Once a company has become majority-owned by an employee ownership trust it is not easy to reverse the structure because the trustees have to act in the long-term and best interest of employees as a whole.
There are many non-tax issues that ought to be considered including:
- Who will be the trustees?
- How are trustees appointed?
- If a corporate trustee is used (normal), who forms the corporate trustee board?
- Usually independent directors are appointed to a trustee board, who should these be?
- What influence will employees have?
- Will an employee council be created to advise and appoint employee trustee directors?
- Should key commercial decision be referred to employees?
- Should employees have a vote in respect of a future sale?
Another advantage of Schedule 37 is that up to 49% of the shares can remain in direct ownership. Whilst this is not a controlling interest, it is likely to be very influential at shareholder level.
As mentioned above, hybrid schemes (a mix of employee ownership trust ownership with direct shareholdings and or options over shares) can appear to offer the best of both worlds. A hybrid structure may result in the company to implement control by indirect employee ownership while allowing individuals to have direct equity participation.
However, if share options or new shares are issued the company needs to be careful that the employee ownership trust’s holding is not diluted below 51%. This could trigger clawbacks or other tax charges.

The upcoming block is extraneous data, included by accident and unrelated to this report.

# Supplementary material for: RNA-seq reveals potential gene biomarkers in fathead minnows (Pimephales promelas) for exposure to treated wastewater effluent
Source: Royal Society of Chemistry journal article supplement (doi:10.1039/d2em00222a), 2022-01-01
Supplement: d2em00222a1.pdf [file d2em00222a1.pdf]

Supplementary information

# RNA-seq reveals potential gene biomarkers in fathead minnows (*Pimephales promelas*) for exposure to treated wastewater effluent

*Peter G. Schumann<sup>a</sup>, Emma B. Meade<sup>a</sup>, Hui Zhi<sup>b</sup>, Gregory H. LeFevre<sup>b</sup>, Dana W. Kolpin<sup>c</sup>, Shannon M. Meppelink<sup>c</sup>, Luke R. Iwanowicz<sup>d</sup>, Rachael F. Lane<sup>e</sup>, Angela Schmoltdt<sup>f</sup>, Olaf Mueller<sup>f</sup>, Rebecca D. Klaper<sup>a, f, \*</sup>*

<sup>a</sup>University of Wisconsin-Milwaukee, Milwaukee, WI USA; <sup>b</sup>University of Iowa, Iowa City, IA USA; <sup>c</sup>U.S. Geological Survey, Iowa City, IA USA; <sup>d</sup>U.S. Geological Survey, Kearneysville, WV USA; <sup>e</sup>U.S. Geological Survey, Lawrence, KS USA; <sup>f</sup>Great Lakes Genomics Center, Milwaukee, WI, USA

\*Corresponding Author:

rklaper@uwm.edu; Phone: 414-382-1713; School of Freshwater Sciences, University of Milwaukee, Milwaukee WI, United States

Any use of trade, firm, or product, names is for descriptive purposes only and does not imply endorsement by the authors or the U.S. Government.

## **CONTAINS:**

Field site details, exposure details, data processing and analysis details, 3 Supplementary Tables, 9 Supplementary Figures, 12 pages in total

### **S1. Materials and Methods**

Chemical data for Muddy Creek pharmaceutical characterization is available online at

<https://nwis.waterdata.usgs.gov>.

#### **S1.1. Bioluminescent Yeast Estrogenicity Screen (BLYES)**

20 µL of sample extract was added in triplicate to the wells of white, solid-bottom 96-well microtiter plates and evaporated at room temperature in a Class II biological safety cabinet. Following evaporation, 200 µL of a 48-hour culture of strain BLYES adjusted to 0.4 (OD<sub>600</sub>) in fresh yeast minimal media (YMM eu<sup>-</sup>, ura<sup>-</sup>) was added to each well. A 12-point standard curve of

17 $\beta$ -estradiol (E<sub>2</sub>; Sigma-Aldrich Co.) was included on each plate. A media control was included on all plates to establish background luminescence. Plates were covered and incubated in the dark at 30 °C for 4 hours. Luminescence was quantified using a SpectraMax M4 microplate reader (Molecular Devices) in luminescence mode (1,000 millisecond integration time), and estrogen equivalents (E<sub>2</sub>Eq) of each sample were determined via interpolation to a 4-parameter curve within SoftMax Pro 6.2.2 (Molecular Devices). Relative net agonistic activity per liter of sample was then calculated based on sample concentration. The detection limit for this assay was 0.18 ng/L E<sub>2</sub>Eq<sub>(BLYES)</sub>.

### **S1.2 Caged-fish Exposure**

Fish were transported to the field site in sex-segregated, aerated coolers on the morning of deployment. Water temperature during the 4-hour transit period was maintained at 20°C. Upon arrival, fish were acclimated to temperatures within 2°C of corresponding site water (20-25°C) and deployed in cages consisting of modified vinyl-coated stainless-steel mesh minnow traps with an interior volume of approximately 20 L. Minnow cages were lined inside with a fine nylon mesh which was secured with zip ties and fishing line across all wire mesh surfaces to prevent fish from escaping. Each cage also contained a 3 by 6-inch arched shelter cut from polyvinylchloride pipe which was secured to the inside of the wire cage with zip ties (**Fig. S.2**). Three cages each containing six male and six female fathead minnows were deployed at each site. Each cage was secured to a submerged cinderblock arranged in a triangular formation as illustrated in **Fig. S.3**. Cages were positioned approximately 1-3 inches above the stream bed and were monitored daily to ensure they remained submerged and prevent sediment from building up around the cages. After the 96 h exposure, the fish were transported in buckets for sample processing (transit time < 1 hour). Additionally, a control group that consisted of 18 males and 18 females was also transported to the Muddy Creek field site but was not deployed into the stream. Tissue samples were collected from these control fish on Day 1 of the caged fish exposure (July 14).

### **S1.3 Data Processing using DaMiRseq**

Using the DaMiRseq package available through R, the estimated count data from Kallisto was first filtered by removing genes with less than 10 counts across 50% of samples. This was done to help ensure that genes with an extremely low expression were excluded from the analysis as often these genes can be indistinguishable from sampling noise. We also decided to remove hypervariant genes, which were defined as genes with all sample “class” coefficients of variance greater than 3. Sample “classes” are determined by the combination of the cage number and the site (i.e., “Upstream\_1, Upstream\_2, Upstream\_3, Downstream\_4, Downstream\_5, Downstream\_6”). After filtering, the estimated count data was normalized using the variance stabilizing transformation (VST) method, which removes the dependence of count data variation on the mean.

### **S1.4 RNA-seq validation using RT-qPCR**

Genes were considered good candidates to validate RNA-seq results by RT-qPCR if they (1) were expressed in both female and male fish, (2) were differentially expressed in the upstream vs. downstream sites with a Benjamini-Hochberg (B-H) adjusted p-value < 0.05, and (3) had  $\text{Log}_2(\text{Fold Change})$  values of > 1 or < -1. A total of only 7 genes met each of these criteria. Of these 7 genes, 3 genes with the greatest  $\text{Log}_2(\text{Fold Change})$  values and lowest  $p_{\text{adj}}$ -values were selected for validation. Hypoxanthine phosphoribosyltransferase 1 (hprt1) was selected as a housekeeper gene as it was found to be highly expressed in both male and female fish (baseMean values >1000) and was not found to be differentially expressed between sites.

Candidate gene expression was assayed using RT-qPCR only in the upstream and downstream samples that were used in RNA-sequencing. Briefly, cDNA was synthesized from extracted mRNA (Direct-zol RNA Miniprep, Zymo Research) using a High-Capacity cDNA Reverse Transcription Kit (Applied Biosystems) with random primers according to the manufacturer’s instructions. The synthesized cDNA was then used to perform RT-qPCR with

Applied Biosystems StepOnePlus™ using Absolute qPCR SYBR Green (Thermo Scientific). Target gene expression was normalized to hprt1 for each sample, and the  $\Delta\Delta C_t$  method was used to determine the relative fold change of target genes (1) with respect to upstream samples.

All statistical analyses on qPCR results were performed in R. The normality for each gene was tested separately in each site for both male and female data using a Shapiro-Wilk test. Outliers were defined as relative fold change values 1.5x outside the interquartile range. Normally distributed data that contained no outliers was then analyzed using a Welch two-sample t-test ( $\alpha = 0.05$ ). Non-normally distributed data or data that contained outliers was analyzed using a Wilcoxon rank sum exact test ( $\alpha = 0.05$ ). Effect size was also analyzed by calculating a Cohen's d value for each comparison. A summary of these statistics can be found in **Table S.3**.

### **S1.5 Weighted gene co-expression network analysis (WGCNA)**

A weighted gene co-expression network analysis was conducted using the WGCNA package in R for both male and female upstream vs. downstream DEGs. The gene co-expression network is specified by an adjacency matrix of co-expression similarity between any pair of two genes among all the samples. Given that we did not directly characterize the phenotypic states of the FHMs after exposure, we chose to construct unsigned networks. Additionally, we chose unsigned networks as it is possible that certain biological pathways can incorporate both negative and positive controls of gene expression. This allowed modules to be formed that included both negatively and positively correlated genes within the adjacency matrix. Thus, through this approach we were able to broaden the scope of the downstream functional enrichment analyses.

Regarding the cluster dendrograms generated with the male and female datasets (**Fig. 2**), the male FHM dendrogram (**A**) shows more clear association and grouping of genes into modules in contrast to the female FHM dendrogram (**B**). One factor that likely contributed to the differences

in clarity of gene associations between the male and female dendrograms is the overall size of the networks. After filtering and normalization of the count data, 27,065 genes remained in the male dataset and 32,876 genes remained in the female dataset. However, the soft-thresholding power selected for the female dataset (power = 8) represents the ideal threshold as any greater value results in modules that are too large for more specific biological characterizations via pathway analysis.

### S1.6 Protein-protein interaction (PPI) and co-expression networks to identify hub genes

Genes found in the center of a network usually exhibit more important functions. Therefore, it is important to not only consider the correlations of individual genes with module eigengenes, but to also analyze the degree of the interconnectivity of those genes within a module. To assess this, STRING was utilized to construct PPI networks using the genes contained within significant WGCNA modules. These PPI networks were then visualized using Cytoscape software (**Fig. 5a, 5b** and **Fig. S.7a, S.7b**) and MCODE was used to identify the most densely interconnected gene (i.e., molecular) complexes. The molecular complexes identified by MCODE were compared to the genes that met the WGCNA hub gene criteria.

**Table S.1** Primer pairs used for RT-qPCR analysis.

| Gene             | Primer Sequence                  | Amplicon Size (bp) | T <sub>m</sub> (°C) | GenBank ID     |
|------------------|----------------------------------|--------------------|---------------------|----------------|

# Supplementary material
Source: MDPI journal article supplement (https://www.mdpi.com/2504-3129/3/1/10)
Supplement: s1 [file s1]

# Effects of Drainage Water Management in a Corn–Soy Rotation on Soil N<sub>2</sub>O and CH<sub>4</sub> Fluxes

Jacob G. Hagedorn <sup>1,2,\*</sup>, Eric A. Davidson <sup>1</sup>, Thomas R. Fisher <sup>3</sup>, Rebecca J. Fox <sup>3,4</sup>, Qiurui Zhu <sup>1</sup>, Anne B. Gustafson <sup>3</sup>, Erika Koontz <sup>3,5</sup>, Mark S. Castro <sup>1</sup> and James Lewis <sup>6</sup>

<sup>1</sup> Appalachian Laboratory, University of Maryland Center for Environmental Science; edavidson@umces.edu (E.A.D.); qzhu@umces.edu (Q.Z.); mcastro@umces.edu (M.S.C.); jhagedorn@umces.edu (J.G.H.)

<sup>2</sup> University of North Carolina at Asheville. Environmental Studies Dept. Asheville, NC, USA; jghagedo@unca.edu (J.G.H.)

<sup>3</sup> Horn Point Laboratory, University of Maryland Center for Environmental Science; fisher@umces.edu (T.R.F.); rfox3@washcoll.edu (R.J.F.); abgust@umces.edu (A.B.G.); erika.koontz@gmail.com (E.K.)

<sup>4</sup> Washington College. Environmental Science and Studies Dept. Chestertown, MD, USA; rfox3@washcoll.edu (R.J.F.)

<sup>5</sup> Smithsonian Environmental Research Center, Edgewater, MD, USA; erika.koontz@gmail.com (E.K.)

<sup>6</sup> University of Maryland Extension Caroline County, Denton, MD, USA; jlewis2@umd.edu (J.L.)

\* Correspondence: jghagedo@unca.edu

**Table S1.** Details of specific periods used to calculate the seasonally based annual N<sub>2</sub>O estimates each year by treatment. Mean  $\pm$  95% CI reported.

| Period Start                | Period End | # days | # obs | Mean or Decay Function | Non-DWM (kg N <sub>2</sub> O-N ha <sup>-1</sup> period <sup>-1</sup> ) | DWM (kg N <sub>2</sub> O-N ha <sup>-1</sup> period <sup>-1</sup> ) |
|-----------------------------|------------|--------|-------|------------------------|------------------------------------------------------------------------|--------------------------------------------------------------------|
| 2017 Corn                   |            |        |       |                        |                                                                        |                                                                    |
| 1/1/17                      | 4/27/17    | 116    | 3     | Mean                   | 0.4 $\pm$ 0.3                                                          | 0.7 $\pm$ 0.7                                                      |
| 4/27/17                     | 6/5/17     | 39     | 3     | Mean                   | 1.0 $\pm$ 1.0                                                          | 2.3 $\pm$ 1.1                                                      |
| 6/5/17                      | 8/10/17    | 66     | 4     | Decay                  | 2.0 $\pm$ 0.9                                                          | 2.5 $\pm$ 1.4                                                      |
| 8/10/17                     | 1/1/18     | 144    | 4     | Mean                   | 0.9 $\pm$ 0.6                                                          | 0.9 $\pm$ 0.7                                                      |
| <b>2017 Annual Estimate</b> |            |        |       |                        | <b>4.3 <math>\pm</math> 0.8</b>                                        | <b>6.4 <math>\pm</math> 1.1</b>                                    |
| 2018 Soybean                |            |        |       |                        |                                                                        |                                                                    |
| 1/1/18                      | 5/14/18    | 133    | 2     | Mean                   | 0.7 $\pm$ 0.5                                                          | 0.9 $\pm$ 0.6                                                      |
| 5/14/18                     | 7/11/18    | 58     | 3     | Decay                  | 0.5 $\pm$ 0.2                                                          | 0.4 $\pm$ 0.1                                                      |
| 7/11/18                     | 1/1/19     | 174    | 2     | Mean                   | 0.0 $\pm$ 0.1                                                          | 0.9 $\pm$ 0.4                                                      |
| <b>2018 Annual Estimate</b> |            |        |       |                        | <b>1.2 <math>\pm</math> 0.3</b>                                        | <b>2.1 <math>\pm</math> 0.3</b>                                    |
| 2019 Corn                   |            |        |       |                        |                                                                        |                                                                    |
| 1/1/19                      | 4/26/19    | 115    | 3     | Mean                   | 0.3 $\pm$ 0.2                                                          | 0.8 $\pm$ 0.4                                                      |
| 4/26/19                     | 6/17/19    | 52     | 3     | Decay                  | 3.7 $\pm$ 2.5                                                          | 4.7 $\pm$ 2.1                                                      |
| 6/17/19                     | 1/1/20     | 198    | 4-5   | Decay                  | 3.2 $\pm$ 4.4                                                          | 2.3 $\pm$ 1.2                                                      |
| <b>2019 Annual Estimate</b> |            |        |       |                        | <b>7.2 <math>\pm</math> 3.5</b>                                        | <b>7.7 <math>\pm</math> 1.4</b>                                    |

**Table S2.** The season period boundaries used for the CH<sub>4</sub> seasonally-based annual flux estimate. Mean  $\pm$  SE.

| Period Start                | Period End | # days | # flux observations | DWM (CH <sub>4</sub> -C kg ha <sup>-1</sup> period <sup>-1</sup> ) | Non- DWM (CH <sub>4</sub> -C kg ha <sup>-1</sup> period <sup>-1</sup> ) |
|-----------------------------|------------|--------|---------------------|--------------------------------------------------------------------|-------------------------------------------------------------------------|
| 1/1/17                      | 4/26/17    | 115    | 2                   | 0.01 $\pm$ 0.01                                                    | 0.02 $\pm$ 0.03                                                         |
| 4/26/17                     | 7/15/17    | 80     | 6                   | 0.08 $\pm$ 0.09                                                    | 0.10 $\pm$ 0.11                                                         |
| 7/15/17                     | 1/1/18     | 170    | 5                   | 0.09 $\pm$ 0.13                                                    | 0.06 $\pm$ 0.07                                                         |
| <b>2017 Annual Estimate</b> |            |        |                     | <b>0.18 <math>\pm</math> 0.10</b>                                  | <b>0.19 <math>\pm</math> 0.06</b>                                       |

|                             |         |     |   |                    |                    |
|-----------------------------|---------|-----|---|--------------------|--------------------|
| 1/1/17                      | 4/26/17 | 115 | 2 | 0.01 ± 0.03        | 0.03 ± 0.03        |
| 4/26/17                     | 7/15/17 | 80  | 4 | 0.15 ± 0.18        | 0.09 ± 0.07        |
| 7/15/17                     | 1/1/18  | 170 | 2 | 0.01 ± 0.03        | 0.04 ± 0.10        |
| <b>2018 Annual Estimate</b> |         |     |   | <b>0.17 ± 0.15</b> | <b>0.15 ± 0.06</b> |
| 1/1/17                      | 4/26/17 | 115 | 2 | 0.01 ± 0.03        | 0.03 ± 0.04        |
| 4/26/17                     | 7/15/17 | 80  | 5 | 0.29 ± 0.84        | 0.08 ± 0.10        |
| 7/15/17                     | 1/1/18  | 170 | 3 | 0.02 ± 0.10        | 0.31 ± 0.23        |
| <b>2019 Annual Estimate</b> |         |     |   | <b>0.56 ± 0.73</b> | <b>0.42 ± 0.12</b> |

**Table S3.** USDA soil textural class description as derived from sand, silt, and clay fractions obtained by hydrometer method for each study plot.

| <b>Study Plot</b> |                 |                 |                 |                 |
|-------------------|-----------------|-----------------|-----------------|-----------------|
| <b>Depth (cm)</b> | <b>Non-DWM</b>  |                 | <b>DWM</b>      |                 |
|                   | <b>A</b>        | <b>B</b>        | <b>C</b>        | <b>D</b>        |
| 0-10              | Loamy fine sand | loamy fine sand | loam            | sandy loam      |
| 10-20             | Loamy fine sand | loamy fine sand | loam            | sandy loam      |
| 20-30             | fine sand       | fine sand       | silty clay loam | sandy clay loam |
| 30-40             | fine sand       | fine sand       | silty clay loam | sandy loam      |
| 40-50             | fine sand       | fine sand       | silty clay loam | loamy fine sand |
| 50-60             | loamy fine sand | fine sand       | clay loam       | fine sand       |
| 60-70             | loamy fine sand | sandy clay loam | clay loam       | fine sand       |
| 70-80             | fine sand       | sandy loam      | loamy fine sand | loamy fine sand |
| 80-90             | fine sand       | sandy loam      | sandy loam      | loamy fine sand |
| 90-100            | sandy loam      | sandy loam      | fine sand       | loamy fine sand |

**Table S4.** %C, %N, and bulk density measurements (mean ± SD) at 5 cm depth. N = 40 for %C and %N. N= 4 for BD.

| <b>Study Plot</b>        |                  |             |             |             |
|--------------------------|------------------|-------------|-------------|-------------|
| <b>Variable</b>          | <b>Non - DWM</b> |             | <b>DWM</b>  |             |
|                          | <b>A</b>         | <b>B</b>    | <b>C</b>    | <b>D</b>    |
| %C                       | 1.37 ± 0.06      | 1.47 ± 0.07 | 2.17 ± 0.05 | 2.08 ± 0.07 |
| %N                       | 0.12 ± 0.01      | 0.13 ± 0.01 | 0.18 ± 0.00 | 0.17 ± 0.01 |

Schedule 37 also provides another benefit: The company can pay tax-free annual cash bonuses up to £3,600 per employee. The cash bonus is not a dividend, and can be paid without the company having to make a profit or have distributable reserves.
The employee ownership trust-owned company legislation does not prevent anti avoidance legislation applying to transactions in securities. The funding of consideration paid by the employee ownership trust from future earnings could potentially create an exposure under this legislation. It is prudent to seek advance clearance from HMRC that the transactions in securities provisions will not apply.
HMRC are likely to provide clearance if the intentions is to create a genuine employee-owned company although the request for clearance will need to carefully explain the intended transactions. Employee ownership trusts have grown in popularity and this is likely to continue. The employee ownership trust appears to appeal to smaller professional service firms and businesses which need to retain good quality employees.
To obtain the tax advantages, an employee ownership trust must:
- Hold a controlling interest in the company
- Be established for the benefit of all employees (excluding, broadly, individuals who hold or have previously held 5% of the shares)
- Treat all employees on an equitable basis
An EOT may be appropriate if you are:
- Looking to exit from a business you own
- Starting a new business and want to attract key employees
- Keen to give employees a stake
You are also likely to want to ensure your business can stay independent. As mentioned there are many options, including company purchase of own shares and a VIMBO. The options may also be ‘hybrid’ and include enterprise management incentive
If you would like to discuss how we can help please get in touch
For up to date tax tips keep an eye on our socials Facebook Instagram and LinkedIn